For Better or Worse: Readers, Books, and the Marriage between Them

It is a truth universally acknowledged that a reader with free time must be in want of a good book…and thus begins the curious relationship between reader and the written word, much like that of a courting couple.

You pick up a book and flip through its pages or read the back cover: the first date. Or maybe you meet online, through GoodReads or Amazon. If you like what you read, you get the book’s number…and buy it off Amazon, at a bookstore, or order it from your local library. Then, comes the second date: you read the first few chapters. Hopefully, all goes well and you get drawn in. Otherwise, you break-up and move on.

The relationship gets serious when you read it for the second time, though. You already know a great deal about it—the way the author tells the story, the characters, the plot—yet you are still drawn to open its page (or its eBook file) and read it again. You start telling (and perhaps boring) your friends with details of why you love this book. And finally, you decide to commit and make this book part of your life: it ranks up among your favorites, and you begin to compare other books by its standard.

Ideally, an author takes this relationship into consideration when writing, serving as a matchmaker and thinking about the reader as part of the editing process: Will the reader enjoy this scene? Will that paragraph of description bore them? Does the beginning entice them? Every line is designed to present the book well, like a flattering outfit. Then, the author sends it out, hoping it will find “true love” among those whom it encounters.

The sad thing is, sometimes our relationships with books break down, just like those in real life. There are divorces, where books that once delight us no longer do so—we have moved on, and they haven’t changed. Or perhaps we thought they had more depth when they were really just shallow, meant for a one-night-stand and nothing more.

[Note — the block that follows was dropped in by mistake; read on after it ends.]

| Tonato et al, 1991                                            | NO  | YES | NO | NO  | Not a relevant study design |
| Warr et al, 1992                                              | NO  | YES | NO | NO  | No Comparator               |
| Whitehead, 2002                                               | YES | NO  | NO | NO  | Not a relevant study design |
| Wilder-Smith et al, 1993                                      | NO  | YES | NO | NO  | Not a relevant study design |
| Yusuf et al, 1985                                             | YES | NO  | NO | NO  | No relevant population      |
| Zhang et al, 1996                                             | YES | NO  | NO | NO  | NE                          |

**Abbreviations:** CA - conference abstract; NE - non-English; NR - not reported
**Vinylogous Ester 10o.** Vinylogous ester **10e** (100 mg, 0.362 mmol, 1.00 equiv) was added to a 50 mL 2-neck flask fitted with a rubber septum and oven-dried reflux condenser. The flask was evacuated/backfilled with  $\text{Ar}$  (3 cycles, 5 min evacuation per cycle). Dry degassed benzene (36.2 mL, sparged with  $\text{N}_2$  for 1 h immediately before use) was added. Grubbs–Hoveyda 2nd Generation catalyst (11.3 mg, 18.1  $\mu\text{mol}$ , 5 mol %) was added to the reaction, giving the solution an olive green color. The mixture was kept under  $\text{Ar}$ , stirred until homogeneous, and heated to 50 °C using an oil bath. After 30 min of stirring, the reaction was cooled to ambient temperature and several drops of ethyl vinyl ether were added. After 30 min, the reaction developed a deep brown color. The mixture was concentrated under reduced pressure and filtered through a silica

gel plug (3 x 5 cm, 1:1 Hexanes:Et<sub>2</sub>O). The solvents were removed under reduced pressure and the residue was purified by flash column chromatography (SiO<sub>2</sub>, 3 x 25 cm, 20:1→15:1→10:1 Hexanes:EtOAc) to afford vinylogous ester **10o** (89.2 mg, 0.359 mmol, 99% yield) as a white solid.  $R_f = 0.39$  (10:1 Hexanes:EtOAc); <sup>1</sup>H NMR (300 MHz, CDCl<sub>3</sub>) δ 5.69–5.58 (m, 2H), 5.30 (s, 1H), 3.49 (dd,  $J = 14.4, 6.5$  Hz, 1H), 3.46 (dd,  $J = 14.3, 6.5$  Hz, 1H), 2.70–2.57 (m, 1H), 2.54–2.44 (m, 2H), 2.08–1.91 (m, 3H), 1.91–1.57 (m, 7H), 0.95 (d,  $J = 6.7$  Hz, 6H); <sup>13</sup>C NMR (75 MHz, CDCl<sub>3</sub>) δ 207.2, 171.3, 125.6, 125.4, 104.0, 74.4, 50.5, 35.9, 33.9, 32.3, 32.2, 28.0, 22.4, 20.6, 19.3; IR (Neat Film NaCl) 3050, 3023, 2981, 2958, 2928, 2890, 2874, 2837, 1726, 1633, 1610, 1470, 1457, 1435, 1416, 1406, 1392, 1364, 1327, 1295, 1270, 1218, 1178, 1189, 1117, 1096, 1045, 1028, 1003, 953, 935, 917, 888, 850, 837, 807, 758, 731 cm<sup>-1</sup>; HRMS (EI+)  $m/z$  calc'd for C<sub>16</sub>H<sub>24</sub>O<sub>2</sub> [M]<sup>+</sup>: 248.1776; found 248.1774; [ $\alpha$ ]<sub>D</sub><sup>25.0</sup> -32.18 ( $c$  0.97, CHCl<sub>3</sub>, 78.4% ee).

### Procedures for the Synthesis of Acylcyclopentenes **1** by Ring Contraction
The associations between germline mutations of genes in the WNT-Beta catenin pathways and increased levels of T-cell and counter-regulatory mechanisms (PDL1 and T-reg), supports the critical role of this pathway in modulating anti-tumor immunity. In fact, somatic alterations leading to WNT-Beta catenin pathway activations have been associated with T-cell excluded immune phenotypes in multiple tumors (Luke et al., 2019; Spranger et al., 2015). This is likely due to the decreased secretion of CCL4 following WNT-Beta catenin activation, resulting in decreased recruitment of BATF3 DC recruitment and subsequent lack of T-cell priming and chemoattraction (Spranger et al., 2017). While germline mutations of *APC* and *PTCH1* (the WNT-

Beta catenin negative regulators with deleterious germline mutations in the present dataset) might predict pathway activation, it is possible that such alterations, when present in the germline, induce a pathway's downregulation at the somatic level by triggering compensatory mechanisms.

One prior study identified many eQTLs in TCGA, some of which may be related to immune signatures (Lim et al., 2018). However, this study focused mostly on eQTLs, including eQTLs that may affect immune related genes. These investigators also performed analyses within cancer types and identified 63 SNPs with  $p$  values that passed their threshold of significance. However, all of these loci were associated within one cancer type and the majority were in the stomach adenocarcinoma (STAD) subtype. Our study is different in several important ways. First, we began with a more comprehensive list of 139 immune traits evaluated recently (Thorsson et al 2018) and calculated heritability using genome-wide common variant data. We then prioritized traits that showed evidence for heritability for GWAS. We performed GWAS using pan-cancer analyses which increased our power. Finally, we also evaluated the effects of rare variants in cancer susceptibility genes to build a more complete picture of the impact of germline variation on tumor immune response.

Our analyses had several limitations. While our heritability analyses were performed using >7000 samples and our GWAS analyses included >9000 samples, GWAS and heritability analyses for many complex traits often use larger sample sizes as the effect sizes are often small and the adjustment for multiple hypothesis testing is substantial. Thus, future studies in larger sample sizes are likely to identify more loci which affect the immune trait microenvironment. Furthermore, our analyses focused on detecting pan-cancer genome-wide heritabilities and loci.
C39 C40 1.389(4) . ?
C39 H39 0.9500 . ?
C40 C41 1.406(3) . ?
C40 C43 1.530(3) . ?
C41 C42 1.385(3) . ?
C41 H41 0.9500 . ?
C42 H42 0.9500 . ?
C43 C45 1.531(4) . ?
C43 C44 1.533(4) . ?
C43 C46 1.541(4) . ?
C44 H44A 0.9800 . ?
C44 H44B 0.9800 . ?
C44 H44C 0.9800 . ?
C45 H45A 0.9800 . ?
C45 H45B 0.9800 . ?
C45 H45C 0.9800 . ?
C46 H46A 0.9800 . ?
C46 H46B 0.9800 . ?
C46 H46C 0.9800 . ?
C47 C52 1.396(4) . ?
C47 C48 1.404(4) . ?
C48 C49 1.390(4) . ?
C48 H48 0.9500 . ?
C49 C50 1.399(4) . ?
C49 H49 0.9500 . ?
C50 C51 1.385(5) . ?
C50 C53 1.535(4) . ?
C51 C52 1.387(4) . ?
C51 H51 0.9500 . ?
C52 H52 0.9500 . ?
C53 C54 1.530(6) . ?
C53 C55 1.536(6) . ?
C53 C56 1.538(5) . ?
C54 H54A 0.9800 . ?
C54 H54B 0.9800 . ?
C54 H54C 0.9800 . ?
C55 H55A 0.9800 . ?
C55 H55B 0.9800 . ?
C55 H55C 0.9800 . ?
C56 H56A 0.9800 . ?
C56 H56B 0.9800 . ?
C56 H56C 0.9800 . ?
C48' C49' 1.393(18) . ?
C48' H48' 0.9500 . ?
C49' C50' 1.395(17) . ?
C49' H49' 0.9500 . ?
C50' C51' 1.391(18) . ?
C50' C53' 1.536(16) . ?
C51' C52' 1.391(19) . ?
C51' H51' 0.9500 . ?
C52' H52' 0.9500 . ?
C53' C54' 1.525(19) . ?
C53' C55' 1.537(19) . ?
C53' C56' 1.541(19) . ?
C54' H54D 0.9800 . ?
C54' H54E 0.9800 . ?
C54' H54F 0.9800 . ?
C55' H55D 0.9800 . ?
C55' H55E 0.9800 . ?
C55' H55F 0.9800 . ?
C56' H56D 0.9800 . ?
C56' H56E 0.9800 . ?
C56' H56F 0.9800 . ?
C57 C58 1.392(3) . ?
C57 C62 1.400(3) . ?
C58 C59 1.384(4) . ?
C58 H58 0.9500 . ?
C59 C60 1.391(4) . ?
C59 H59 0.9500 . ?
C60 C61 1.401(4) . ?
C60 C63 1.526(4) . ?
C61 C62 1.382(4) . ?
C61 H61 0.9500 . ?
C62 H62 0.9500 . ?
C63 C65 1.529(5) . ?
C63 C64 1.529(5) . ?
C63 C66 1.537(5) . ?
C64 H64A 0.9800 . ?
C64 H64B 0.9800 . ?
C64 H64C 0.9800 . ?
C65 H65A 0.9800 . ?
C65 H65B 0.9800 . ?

But the best book relationships are those that last a lifetime, retaining a faithful place in our hearts. We return, time and again, to see new things about the same partner, and we value them more for their companionship, their excellence, and their faithfulness to never let us down when we need them.

Copyright 2014 Andrea Lundgren

2 thoughts on “For Better or Worse: Readers, Books, and the Marriage between Them

  1. Lovely analogy. I agree that as a reader we often judge books by what we read again and again. I began reading Georgette Heyer’s books when I was around 12 years old. I have never stopped re-reading her books. Her characters, situations, and writing style delight me as much now as then. Whereas there are books I read as a young teen that I enjoyed, but when read recently they are extremely simply written and I feel that they could be so much better if I were able to flesh them out more, why are the characters this way? What if we delved into their personalities and pasts further? What if the sentences were longer or more interesting? What if the plot took longer to develop and shape? Not that they are bad books, but the romance is gone. They are fond relationships from the past, but as far as a lasting marriage…well…that is reserved for others who are more mature, whose structure and depth will never become shallow, no matter how many years may pass.


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